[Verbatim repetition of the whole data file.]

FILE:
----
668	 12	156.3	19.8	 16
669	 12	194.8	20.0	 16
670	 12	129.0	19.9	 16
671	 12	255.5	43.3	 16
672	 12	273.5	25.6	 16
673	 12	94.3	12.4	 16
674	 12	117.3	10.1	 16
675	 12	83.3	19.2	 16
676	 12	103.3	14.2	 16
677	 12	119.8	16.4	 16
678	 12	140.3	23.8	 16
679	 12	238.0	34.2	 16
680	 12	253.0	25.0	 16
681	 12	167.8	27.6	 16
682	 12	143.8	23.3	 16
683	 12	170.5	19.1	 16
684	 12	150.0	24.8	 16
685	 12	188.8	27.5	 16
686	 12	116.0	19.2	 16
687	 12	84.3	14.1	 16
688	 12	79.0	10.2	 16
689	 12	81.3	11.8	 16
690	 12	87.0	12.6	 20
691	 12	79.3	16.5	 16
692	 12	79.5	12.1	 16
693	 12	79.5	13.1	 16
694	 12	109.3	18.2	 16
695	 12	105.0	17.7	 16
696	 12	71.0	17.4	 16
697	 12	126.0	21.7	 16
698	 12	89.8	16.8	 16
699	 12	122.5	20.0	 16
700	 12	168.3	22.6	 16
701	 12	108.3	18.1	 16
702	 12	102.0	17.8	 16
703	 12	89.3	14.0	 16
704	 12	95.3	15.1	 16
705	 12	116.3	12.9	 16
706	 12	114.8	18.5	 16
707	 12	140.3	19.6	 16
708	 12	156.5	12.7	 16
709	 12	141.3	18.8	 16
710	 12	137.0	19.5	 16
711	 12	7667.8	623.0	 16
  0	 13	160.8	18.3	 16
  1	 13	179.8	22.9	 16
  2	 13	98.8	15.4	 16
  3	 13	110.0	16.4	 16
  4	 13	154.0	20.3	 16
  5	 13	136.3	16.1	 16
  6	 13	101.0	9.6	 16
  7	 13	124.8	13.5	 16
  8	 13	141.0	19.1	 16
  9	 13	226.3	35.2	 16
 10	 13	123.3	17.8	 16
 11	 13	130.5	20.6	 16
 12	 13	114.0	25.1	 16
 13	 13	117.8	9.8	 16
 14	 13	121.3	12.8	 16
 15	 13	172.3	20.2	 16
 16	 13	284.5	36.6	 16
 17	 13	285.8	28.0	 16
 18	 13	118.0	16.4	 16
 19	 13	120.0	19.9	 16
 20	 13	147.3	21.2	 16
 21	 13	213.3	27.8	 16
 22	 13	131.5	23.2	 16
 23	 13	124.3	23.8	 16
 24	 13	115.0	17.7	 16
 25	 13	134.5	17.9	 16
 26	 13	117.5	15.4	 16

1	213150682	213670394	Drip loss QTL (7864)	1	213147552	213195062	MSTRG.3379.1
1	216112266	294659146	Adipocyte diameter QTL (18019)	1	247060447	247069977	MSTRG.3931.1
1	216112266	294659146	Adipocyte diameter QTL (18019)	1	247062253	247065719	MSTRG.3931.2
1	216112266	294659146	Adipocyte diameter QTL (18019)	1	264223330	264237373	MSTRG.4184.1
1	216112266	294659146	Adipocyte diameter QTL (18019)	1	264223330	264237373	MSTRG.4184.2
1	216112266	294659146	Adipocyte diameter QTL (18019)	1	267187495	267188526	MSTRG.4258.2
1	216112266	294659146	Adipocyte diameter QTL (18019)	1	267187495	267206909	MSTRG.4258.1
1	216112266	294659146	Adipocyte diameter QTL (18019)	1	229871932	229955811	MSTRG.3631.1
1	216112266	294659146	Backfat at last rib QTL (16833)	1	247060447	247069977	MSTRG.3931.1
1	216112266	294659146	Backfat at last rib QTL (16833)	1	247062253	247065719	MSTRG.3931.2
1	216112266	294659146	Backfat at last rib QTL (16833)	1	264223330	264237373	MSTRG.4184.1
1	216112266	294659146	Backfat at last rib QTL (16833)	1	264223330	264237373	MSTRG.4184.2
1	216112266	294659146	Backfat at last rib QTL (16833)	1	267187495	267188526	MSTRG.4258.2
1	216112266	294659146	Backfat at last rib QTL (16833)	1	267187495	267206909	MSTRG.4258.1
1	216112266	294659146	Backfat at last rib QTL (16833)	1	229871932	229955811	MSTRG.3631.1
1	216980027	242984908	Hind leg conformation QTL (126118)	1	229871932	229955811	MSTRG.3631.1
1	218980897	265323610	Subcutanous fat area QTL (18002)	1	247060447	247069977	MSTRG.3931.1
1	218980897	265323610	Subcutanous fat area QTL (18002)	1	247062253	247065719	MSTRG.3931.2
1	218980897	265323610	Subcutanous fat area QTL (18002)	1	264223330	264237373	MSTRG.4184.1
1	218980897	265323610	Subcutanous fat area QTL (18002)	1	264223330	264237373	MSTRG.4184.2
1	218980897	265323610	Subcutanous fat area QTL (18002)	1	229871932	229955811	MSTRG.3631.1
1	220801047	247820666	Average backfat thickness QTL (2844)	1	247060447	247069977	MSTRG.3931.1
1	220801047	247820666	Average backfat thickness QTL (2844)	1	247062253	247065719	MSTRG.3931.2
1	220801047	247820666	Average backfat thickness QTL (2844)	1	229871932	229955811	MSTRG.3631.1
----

668	 12	156.3	19.8	 16
669	 12	194.8	20.0	 16
670	 12	129.0	19.9	 16
671	 12	255.5	43.3	 16
672	 12	273.5	25.6	 16
673	 12	94.3	12.4	 16
674	 12	117.3	10.1	 16
675	 12	83.3	19.2	 16
676	 12	103.3	14.2	 16
677	 12	119.8	16.4	 16
678	 12	140.3	23.8	 16
679	 12	238.0	34.2	 16
680	 12	253.0	25.0	 16
681	 12	167.8	27.6	 16
682	 12	143.8	23.3	 16
683	 12	170.5	19.1	 16
684	 12	150.0	24.8	 16
685	 12	188.8	27.5	 16
686	 12	116.0	19.2	 16
687	 12	84.3	14.1	 16
688	 12	79.0	10.2	 16
689	 12	81.3	11.8	 16
690	 12	87.0	12.6	 20
691	 12	79.3	16.5	 16
692	 12	79.5	12.1	 16
693	 12	79.5	13.1	 16
694	 12	109.3	18.2	 16
695	 12	105.0	17.7	 16
696	 12	71.0	17.4	 16
697	 12	126.0	21.7	 16
698	 12	89.8	16.8	 16
699	 12	122.5	20.0	 16
700	 12	168.3	22.6	 16
701	 12	108.3	18.1	 16
702	 12	102.0	17.8	 16
703	 12	89.3	14.0	 16
704	 12	95.3	15.1	 16
705	 12	116.3	12.9	 16
706	 12	114.8	18.5	 16
707	 12	140.3	19.6	 16
708	 12	156.5	12.7	 16
709	 12	141.3	18.8	 16
710	 12	137.0	19.5	 16
711	 12	7667.8	623.0	 16
  0	 13	160.8	18.3	 16
  1	 13	179.8	22.9	 16
  2	 13	98.8	15.4	 16
  3	 13	110.0	16.4	 16
  4	 13	154.0	20.3	 16
  5	 13	136.3	16.1	 16
  6	 13	101.0	9.6	 16
  7	 13	124.8	13.5	 16
  8	 13	141.0	19.1	 16
  9	 13	226.3	35.2	 16
 10	 13	123.3	17.8	 16
 11	 13	130.5	20.6	 16
 12	 13	114.0	25.1	 16
 13	 13	117.8	9.8	 16
 14	 13	121.3	12.8	 16
 15	 13	172.3	20.2	 16
 16	 13	284.5	36.6	 16
 17	 13	285.8	28.0	 16
 18	 13	118.0	16.4	 16
 19	 13	120.0	19.9	 16
 20	 13	147.3	21.2	 16
 21	 13	213.3	27.8	 16
 22	 13	131.5	23.2	 16
 23	 13	124.3	23.8	 16
 24	 13	115.0	17.7	 16
 25	 13	134.5	17.9	 16
 26	 13	117.5	15.4	 16

1	213150682	213670394	Drip loss QTL (7864)	1	213147552	213195062	MSTRG.3379.1
1	216112266	294659146	Adipocyte diameter QTL (18019)	1	247060447	247069977	MSTRG.3931.1
1	216112266	294659146	Adipocyte diameter QTL (18019)	1	247062253	247065719	MSTRG.3931.2
1	216112266	294659146	Adipocyte diameter QTL (18019)	1	264223330	264237373	MSTRG.4184.1
1	216112266	294659146	Adipocyte diameter QTL (18019)	1	264223330	264237373	MSTRG.4184.2
1	216112266	294659146	Adipocyte diameter QTL (18019)	1	267187495	267188526	MSTRG.4258.2
1	216112266	294659146	Adipocyte diameter QTL (18019)	1	267187495	267206909	MSTRG.4258.1
1	216112266	294659146	Adipocyte diameter QTL (18019)	1	229871932	229955811	MSTRG.3631.1
1	216112266	294659146	Backfat at last rib QTL (16833)	1	247060447	247069977	MSTRG.3931.1
1	216112266	294659146	Backfat at last rib QTL (16833)	1	247062253	247065719	MSTRG.3931.2
1	216112266	294659146	Backfat at last rib QTL (16833)	1	264223330	264237373	MSTRG.4184.1
1	216112266	294659146	Backfat at last rib QTL (16833)	1	264223330	264237373	MSTRG.4184.2
1	216112266	294659146	Backfat at last rib QTL (16833)	1	267187495	267188526	MSTRG.4258.2
1	216112266	294659146	Backfat at last rib QTL (16833)	1	267187495	267206909	MSTRG.4258.1
1	216112266	294659146	Backfat at last rib QTL (16833)	1	229871932	229955811	MSTRG.3631.1
1	216980027	242984908	Hind leg conformation QTL (126118)	1	229871932	229955811	MSTRG.3631.1
1	218980897	265323610	Subcutanous fat area QTL (18002)	1	247060447	247069977	MSTRG.3931.1
1	218980897	265323610	Subcutanous fat area QTL (18002)	1	247062253	247065719	MSTRG.3931.2
1	218980897	265323610	Subcutanous fat area QTL (18002)	1	264223330	264237373	MSTRG.4184.1
1	218980897	265323610	Subcutanous fat area QTL (18002)	1	264223330	264237373	MSTRG.4184.2
1	218980897	265323610	Subcutanous fat area QTL (18002)	1	229871932	229955811	MSTRG.3631.1
1	220801047	247820666	Average backfat thickness QTL (2844)	1	247060447	247069977	MSTRG.3931.1
1	220801047	247820666	Average backfat thickness QTL (2844)	1	247062253	247065719	MSTRG.3931.2
1	220801047	247820666	Average backfat thickness QTL (2844)	1	229871932	229955811	MSTRG.3631.1